Monday, May 14, 2007

The Lives of Others

The latest new york review of books has an article by journalist and author Timothy Garton Ash about the German film The Lives of Others, which won the Oscar for the best foreign film this year. Garton Ash himself had a "file" for himself in the archives of the Stasi, the secret police of the East German government. He writes about the political and historical background of the film in detail.

I liked it a lot too. I thought it was a powerful and moving film, certainly one of the best of the last year, I was happy that it won the Oscar, though I would have been equally happy had it gone to Pan's Labyrinth.

The only problem I had was the sequence in the middle, which is at the centre of the narrative, where the Stasi office Weisler finds himself spiritually transformed when he comes across a piece of Piano Sonata and Brecht's poetry. Now nobody will deny that great works of art have the power to move us and can help us make that leap of faith and get us close to that authentic being essential for any ethical behaviour in difficult circumstances. What we should be sceptic about is to universalize this notion. To confuse aesthetics with ethics is not just naive, sentimental and wrong but also deeply ahistorical. Even the elementary history of art is enough to conclude that the relationship between the two, aesthetics and ethics, is far more complicated. I don't think they are mutually exclusive realms, as perhaps Kierkegaad said, but something we should be suspect of specially now that the dark twentieth century is behind us.

Having said that I don't think the film itself universalizes this notion at all, even though indirectly it does encourage the viewers to do the same with carefully constructed thriller plot. The whole credit should go to the extra-ordinary presence of the actor Ulrich Muhe in the role of the Stasi officer. (Fans of Austrian director Michael Haneke will recognize him from his astonishing turns in director's early films like Funny Games and The Castle.) From the very first scene we realize that the impassive face hides a profoundly tortured soul and when the key sequences come in it doesn't feel manipulative at all.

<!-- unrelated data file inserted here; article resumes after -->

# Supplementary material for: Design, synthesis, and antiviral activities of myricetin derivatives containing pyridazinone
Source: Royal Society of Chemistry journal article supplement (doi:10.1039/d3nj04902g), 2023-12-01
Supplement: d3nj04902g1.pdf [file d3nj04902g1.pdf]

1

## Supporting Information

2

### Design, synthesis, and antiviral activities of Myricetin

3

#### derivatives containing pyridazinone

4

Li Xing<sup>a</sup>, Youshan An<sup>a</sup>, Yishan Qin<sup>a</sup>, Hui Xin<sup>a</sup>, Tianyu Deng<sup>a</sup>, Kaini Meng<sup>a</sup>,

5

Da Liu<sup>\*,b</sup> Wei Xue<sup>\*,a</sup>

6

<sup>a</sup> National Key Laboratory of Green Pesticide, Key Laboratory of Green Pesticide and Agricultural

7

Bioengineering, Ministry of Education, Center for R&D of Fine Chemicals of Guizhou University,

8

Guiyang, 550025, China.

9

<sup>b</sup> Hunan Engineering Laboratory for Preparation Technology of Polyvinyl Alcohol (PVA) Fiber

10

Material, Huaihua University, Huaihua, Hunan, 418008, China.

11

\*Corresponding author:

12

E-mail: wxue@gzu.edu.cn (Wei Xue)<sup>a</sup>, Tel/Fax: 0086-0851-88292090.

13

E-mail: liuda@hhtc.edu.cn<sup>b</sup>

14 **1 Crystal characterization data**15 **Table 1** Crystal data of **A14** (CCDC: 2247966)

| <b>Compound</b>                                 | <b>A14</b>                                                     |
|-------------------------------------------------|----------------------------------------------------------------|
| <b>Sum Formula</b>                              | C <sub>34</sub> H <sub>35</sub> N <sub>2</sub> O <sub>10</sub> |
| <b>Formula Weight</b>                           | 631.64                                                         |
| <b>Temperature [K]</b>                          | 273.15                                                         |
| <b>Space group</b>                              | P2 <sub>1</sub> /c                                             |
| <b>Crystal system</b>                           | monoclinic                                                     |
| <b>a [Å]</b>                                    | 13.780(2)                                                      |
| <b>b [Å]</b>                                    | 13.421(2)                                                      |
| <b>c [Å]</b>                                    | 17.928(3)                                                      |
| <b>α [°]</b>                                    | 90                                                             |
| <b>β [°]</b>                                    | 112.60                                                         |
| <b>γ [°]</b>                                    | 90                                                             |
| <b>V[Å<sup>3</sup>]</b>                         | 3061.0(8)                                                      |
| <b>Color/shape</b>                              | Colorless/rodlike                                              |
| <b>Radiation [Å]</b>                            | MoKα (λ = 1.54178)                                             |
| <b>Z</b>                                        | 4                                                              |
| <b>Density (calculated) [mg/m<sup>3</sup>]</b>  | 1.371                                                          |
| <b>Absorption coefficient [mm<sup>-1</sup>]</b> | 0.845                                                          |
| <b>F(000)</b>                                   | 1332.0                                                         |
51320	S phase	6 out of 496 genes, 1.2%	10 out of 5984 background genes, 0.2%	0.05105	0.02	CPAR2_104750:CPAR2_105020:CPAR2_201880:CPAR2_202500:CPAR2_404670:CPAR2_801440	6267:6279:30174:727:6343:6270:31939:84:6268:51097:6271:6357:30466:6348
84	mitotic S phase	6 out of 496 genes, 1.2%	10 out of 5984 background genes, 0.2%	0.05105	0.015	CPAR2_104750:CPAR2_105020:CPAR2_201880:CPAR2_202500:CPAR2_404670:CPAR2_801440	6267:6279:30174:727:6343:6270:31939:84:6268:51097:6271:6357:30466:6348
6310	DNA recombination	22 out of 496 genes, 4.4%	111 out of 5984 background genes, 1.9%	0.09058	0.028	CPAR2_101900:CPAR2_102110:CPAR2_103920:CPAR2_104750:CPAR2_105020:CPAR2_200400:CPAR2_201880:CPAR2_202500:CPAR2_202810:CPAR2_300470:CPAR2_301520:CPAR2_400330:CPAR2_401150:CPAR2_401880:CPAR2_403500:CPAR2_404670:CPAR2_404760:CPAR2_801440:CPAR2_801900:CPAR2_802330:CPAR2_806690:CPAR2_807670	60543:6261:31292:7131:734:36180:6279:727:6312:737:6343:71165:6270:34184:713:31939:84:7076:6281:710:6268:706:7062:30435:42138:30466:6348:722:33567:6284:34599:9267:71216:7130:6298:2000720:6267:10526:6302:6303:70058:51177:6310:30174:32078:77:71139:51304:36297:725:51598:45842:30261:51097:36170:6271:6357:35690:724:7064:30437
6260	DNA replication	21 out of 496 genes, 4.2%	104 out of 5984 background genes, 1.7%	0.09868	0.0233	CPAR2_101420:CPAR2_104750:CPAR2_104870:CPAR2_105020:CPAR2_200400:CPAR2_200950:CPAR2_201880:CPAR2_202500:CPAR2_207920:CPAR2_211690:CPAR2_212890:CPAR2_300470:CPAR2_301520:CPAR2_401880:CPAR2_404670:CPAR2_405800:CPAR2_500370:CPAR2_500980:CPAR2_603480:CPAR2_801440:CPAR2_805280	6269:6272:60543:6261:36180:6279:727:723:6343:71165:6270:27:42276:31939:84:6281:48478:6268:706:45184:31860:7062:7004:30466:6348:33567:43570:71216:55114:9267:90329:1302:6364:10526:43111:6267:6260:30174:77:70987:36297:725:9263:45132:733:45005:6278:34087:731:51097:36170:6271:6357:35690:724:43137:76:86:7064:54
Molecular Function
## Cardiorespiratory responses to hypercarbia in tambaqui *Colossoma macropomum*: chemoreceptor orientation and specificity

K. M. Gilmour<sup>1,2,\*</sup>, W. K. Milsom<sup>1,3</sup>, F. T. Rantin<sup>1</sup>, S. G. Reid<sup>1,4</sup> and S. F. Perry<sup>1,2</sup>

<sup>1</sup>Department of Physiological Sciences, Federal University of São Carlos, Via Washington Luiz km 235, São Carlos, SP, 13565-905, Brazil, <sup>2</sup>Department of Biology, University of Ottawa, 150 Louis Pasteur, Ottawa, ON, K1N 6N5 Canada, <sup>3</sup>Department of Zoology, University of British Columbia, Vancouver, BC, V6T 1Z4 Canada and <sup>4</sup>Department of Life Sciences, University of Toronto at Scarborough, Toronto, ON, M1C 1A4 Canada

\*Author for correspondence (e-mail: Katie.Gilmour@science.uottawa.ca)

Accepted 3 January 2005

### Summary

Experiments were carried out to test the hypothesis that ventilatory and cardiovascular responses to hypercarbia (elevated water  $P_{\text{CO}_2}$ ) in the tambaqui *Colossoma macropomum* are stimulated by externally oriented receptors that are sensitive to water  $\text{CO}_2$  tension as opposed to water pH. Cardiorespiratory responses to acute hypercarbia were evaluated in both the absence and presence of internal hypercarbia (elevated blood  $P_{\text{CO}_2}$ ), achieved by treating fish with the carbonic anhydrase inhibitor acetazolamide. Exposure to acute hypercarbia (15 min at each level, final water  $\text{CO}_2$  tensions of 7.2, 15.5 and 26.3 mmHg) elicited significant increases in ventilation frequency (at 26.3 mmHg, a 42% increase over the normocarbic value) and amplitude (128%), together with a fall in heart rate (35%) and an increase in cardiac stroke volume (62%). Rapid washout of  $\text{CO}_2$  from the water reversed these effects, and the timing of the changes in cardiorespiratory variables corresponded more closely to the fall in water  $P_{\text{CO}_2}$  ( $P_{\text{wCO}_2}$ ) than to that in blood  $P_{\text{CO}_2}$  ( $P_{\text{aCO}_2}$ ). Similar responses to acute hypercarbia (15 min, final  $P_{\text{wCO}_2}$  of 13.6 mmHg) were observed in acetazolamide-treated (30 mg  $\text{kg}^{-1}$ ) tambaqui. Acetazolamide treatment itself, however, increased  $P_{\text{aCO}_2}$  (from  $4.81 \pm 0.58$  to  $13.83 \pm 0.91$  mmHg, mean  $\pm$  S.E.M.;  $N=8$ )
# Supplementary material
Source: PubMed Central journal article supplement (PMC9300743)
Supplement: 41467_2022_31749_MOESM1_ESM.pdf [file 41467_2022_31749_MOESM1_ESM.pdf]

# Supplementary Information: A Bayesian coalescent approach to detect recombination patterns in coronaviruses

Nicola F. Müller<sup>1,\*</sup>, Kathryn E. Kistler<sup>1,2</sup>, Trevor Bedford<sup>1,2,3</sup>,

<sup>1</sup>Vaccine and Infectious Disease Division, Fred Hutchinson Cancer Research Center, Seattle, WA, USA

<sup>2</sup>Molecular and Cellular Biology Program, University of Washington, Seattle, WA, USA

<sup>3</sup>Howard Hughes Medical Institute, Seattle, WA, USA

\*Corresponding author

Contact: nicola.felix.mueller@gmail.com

Another aspect of the film which we should be sceptic about before universalizing is the charge of moral relativism. Claims like, there is no good or bad there is only "gray" or there are no victims or victimizers only "human beings" may sound like advanced ethical propositions, while most often they are just cynical recourse to hide from genuine and difficult thinking. This is the same banality of evil territory, which as I had mentioned before, we should be careful treading. (Do check out some of the comments on this topic on the last post about Hitler.) Also interesting to read is this article about how the film was received in Germany. Overall it is an excellent film. The career of the young director, with the colourful aristrocratic name Florian Henckel von Donnersmarck, will definitely be worth following (it is his debut).

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